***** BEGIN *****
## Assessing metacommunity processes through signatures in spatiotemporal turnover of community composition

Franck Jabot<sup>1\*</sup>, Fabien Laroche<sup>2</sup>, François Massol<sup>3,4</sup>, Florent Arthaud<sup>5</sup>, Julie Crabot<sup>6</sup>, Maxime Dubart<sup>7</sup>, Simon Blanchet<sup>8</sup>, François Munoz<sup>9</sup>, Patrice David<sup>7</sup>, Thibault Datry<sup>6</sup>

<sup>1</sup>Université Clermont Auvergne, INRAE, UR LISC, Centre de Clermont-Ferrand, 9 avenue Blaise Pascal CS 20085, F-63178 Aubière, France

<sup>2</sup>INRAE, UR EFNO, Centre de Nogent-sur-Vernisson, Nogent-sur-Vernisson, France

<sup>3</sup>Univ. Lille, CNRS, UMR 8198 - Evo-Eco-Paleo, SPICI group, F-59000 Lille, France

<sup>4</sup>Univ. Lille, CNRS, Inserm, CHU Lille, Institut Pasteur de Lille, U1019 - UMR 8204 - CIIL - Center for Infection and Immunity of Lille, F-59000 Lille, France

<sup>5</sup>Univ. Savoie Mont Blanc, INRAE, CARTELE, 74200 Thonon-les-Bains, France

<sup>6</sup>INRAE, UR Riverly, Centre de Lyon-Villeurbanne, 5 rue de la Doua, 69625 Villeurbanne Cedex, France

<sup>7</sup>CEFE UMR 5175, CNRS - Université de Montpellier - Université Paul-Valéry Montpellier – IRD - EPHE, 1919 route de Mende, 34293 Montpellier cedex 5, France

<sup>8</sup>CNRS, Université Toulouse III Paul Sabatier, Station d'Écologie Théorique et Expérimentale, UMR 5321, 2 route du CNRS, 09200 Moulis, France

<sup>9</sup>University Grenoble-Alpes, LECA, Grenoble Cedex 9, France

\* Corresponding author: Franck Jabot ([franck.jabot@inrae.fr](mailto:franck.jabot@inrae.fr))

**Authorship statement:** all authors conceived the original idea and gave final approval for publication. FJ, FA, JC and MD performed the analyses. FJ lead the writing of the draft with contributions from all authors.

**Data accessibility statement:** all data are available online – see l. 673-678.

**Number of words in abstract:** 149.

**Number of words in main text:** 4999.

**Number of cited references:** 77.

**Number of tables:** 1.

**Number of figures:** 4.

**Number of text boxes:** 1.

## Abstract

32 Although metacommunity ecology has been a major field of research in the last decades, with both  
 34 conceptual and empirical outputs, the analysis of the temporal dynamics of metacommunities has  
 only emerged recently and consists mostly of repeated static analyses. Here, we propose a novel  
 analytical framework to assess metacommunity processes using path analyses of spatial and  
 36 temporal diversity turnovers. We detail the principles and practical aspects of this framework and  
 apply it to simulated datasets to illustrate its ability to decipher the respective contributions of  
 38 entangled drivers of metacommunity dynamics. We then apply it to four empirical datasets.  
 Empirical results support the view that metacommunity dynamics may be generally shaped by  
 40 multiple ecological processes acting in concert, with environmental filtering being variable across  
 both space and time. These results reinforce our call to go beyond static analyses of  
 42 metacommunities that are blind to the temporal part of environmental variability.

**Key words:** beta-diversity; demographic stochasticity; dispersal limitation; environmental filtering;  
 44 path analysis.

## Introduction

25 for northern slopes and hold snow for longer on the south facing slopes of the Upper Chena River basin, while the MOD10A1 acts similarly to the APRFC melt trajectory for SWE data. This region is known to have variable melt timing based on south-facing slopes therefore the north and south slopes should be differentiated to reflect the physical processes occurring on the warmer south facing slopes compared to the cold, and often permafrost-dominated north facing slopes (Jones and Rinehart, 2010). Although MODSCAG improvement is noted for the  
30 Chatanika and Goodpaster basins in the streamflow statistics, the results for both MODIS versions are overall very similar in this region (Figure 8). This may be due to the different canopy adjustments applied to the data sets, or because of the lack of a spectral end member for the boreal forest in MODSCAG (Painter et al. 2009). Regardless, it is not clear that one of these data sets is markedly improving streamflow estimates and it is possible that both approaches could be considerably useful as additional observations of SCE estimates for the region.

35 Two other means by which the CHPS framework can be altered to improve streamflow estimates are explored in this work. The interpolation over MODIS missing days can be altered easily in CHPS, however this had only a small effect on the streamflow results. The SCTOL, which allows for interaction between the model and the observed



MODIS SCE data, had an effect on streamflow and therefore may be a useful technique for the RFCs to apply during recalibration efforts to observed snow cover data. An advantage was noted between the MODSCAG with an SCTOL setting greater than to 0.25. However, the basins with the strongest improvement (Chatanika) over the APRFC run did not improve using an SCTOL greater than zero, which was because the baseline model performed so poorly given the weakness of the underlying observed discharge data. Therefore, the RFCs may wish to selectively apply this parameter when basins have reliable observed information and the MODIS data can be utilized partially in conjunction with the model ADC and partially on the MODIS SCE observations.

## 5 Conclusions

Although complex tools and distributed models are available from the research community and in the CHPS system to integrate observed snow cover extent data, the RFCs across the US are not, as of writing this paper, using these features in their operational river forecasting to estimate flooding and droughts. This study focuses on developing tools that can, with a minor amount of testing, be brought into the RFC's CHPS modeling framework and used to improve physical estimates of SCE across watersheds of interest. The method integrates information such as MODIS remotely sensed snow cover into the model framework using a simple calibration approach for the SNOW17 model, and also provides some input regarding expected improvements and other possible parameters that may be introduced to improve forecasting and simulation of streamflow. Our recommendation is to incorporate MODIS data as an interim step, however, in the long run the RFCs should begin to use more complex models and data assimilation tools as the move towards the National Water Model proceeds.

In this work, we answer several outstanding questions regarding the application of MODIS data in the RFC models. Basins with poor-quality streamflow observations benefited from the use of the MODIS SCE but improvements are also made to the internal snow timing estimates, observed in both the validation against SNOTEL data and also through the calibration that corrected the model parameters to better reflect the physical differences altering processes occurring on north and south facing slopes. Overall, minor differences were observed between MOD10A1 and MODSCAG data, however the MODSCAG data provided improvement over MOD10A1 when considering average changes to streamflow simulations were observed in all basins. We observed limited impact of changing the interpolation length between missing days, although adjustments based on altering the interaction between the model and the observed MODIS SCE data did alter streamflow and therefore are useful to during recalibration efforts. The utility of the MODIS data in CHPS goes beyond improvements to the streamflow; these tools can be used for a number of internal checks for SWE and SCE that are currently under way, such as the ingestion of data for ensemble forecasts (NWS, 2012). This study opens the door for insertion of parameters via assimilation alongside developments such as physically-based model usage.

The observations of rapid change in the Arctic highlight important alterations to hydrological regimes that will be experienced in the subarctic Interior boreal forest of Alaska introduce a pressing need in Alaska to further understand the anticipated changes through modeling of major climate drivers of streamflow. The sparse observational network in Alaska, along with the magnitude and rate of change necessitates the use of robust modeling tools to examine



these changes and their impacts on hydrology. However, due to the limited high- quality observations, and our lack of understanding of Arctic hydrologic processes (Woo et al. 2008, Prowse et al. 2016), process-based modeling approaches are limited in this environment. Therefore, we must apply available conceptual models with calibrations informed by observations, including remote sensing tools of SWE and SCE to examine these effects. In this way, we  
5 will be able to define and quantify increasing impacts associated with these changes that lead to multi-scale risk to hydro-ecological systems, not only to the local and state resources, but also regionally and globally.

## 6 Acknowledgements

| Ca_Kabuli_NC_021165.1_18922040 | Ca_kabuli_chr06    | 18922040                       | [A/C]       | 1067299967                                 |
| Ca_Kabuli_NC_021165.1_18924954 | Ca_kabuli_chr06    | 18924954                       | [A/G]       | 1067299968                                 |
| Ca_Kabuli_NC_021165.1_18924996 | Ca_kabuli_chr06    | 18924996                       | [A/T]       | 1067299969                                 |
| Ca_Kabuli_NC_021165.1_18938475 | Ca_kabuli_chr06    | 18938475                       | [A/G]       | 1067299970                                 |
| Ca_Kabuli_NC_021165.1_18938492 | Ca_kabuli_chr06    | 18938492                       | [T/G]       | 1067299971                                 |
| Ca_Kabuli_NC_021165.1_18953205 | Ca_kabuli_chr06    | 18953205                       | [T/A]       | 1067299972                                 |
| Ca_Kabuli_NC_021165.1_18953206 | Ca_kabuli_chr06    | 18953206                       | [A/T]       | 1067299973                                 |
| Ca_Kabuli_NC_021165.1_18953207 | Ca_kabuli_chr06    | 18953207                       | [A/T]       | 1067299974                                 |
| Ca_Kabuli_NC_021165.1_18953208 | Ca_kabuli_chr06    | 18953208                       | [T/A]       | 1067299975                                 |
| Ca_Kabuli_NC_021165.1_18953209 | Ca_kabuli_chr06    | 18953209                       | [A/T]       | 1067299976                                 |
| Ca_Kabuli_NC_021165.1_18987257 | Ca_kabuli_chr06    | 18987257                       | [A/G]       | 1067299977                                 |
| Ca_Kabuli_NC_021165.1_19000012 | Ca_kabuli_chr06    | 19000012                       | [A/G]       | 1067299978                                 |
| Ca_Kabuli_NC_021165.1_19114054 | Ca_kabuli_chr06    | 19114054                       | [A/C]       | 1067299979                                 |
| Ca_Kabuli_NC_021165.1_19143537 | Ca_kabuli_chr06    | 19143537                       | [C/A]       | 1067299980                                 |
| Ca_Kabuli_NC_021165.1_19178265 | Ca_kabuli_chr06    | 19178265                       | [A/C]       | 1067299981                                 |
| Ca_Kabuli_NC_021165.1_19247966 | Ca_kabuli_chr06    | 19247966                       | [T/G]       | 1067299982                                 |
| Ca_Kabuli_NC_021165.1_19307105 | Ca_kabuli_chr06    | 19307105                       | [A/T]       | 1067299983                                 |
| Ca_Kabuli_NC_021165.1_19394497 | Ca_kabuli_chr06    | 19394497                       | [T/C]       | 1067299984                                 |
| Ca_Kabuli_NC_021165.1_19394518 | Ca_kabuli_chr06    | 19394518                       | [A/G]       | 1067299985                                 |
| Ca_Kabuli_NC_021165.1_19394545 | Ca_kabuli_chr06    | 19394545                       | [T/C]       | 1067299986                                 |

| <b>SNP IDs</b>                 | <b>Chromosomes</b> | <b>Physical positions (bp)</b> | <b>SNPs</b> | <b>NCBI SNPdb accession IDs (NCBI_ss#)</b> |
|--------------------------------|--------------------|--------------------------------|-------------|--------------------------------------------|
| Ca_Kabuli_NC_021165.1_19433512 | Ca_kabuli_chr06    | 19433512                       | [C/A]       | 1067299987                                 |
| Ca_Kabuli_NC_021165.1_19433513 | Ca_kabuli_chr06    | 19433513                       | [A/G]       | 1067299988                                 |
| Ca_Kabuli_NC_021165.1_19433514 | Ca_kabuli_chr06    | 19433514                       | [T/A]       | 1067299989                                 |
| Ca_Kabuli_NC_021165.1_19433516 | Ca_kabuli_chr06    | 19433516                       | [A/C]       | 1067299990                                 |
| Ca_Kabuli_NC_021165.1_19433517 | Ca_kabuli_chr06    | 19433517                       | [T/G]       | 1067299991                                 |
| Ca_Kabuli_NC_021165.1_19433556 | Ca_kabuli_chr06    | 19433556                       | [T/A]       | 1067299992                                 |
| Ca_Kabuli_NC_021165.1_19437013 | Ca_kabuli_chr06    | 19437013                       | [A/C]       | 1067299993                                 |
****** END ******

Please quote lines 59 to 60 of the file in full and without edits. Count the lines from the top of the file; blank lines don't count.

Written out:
| Ca_Kabuli_NC_021165.1_19114054 | Ca_kabuli_chr06    | 19114054                       | [A/C]       | 1067299979                                 |
| Ca_Kabuli_NC_021165.1_19143537 | Ca_kabuli_chr06    | 19143537                       | [C/A]       | 1067299980                                 |